The course of the great war that Russia launched against Ukraine on February 24, 2022, under the name of a "special military operation" (SMO), shows that the Kremlin was really counting on quickly overcoming the resistance of the Ukrainian Defense Forces, believing that this resistance would be sporadic and poorly organized. As a result, Moscow was really counting on establishing control over most of Ukraine's territory and creating a new reality where there is no place for the Ukrainian state and identity. In general, this indicates a systemic crisis in Russian analytics and management. After all, since 2014, after the occupation of Crimea, Moscow has been waging an eight-year war in eastern Ukraine.
Of course, Russia has denied in every possible way its involvement in this war in Donetsk and Luhansk regions, but it is obvious that it was waged by Russian military structures and at the expense of the Russian Federation. In addition, the Russian Federation had experience with the events of 2014-2015, when Ukraine managed to localize Russian aggression in a limited area due to the presence of the Ukrainian volunteer military movement and the activity of volunteers who supported the army.
However, the high level of ideologization of the Russian population, the expert community, and the Russian leadership affected by the "Russian world" and their disdain for Ukraine did not allow the Russians to draw the right conclusion about the motivation of Ukrainians to resist, the combat capability of the Ukrainian army, and the stability of Ukraine's institutions.
As a result, "Kyiv in three days," a slogan that was heard on Russian TV, has turned into "everything is going according to plan," and now there is no question of how long the war will last. The huge losses of personnel have forced the Kremlin to think about non-standard ways of manning the invading army and solving problems with the material supply of new units.
Mobilization as a Russian Social Elevator
It should be noted that the mobilization that the Kremlin has been conducting since September 2022, and which is latently ongoing, has not caused an explosion of enthusiasm and admiration among residents of more prosperous regions of the Russian Federation, people with higher incomes and education.
The world media's reports on the so-called Russian "relocators" who colorfully fled to different countries from mobilization were a stinging blow to Russian propaganda, which has always appealed to continuity with the heroes of the "great Patriotic war" and claimed that if necessary, Russians "will all go to the front as one." Significantly, older Russians from prosperous regions disapprove of this escape from mobilization. This assessment is related to age: the less likely one is to personally receive a draft notice and go to the front, the higher the level of militarism and the desire to send all young people to "defend the fatherland."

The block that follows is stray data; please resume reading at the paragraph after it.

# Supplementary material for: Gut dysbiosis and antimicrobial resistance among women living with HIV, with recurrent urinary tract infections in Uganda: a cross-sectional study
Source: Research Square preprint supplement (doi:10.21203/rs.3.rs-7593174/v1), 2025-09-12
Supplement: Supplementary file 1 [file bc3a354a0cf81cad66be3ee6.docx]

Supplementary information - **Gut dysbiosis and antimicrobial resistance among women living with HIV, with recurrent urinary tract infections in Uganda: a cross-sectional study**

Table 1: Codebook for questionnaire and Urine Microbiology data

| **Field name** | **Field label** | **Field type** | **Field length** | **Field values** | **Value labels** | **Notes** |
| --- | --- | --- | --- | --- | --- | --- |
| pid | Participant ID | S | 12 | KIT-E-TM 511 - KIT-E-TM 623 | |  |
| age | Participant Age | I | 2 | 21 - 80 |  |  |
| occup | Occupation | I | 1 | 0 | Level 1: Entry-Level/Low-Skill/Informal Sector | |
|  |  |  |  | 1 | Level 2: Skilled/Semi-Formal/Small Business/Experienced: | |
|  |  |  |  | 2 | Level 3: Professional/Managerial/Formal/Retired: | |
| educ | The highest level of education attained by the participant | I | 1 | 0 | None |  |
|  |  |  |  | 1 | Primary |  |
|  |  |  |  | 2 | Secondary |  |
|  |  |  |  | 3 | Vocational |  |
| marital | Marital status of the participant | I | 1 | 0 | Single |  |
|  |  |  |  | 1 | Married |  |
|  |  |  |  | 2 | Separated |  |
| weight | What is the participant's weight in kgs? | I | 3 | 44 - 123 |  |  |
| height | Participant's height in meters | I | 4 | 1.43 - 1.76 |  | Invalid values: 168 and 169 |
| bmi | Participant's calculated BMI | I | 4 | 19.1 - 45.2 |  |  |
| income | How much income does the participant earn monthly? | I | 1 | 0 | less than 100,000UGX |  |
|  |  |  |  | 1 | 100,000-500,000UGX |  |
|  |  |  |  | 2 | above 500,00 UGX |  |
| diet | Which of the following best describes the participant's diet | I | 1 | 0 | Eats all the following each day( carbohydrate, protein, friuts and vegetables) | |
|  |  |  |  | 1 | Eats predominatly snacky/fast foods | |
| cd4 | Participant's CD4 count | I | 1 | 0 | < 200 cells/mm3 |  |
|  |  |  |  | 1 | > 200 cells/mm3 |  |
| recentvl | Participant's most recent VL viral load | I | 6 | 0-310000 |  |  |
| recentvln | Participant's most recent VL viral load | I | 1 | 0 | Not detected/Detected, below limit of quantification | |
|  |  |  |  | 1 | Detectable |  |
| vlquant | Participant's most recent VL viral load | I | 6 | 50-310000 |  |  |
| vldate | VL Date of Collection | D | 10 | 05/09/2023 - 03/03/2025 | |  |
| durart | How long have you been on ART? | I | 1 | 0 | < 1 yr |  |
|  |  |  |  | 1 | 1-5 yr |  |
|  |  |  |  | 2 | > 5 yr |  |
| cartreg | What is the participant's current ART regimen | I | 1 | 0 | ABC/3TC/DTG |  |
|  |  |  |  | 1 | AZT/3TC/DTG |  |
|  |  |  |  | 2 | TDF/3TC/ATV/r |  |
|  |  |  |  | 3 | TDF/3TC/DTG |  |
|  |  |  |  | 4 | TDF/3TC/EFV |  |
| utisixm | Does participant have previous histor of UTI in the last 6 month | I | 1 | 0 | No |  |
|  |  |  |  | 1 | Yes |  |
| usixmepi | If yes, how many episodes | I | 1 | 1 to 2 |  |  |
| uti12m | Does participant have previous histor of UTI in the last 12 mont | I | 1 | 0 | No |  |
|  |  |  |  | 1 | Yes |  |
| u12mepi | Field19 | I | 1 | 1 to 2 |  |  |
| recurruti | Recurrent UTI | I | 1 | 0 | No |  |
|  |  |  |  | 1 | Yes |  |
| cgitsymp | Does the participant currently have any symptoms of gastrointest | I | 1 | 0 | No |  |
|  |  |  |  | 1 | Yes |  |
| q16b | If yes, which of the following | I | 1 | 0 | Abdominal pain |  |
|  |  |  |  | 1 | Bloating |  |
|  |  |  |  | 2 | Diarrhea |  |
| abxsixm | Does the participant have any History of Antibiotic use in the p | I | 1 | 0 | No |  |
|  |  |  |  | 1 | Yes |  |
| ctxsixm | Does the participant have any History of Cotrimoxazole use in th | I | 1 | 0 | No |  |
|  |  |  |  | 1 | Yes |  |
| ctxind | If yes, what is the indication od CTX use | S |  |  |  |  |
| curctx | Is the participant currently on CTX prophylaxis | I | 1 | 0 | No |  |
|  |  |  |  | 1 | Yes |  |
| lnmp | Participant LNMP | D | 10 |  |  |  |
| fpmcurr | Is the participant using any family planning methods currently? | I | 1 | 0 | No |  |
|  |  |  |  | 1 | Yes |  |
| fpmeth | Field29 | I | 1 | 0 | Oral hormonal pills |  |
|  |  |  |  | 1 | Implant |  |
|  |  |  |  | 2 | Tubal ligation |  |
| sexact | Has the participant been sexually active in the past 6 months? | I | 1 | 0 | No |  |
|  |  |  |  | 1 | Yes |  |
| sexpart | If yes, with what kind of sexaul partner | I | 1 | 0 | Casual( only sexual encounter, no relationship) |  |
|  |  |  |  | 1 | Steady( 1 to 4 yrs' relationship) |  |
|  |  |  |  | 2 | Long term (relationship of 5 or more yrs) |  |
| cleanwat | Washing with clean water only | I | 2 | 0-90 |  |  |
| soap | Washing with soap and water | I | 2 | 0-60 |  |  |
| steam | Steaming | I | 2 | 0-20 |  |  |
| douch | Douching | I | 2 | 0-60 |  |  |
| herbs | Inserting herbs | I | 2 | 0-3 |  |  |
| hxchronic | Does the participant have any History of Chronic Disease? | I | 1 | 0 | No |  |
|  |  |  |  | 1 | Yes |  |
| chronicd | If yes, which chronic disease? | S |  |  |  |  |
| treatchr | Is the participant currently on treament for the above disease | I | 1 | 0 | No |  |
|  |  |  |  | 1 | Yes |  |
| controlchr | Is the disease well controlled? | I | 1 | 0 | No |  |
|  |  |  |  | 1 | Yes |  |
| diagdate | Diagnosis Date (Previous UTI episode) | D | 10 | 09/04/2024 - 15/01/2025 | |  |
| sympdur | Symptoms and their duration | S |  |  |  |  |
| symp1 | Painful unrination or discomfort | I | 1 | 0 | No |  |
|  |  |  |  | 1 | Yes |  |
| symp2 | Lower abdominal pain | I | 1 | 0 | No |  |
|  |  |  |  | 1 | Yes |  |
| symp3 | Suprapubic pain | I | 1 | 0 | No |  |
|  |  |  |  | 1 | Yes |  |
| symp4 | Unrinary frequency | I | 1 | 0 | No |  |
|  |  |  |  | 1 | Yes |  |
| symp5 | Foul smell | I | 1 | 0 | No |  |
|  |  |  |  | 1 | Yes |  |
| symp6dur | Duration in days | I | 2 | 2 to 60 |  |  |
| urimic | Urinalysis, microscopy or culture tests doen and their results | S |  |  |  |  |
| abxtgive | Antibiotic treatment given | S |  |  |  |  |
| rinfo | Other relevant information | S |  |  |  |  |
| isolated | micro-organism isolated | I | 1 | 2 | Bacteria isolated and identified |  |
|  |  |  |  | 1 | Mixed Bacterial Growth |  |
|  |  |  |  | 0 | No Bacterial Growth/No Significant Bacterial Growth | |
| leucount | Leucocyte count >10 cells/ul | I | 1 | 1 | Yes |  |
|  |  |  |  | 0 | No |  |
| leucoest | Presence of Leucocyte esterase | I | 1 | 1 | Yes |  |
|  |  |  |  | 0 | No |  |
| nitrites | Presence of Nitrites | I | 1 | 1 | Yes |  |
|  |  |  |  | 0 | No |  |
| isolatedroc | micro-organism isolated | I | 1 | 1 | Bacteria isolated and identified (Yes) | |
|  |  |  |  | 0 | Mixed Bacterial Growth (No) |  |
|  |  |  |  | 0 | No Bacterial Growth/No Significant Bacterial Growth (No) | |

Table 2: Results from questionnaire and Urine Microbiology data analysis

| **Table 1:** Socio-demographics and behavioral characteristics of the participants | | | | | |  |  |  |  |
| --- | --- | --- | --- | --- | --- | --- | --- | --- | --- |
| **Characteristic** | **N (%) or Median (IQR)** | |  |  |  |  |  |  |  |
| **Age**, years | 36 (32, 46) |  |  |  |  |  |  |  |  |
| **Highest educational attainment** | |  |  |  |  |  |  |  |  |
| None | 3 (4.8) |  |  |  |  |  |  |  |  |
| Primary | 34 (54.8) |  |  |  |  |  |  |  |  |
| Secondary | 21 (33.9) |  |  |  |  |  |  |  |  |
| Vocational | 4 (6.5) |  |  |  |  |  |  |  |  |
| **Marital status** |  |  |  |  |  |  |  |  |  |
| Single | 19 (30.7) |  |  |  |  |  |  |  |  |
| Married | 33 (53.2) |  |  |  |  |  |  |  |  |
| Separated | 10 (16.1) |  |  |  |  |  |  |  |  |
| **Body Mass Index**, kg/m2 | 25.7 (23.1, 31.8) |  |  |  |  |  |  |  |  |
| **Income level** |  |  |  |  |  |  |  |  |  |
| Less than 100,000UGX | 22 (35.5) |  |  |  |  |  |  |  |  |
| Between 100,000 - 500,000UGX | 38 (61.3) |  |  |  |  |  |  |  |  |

In view of the above, the Kremlin has relied on the provinces, disadvantaged regions and national outskirts for mobilization. It is clear that poor Russian regions with low living standards and general culture, hopelessness and depression, crime, alcoholism and drug addiction, where men do not live long and are indoctrinated by propaganda, perceive mobilization as a way out, entertainment and even a social elevator.
Operation "Save the Russian"
However, the Kremlin has gone further. Among the depressed regions, there are many that are home to indigenous peoples, in the autonomous entities of the Russian Federation or in its interior and on its borders. The dynamics of mobilization suggests that the Kremlin is deliberately relying on the mobilization of non-Russians. They are disproportionately represented among those mobilized.
The goal is clear. If possible, it is to preserve the titular nation, to keep Russia more Russian, which is very important for the Kremlin against the backdrop of a rapidly declining share of the Russian population. Again, the massive deaths of Russians from the center of Russia could also affect the mood in the capitals (Moscow and St. Petersburg) and other important centers, and the Kremlin is afraid of this. And so Russia fights with the hands of subjugated peoples who become accomplices in its crimes and blur the responsibility of Moscow itself.
This happened, for example, with the image of the Buryats and Chechens of Kadyrov's forces, and Moscow itself cultivates this image of "non-Russians" to intimidate Ukrainians and whitewash the military of Russian origin as the bearer of legitimate "strict but fair" power. However, such propaganda is not very effective. The massive mobilization of national minorities for war with a high probability of being killed reduces the number of potentially rebellious peoples, the possibility of their revival and separatist tendencies. In general, such a mobilization policy can be considered part of genocide. And this is noted by activists of national movements.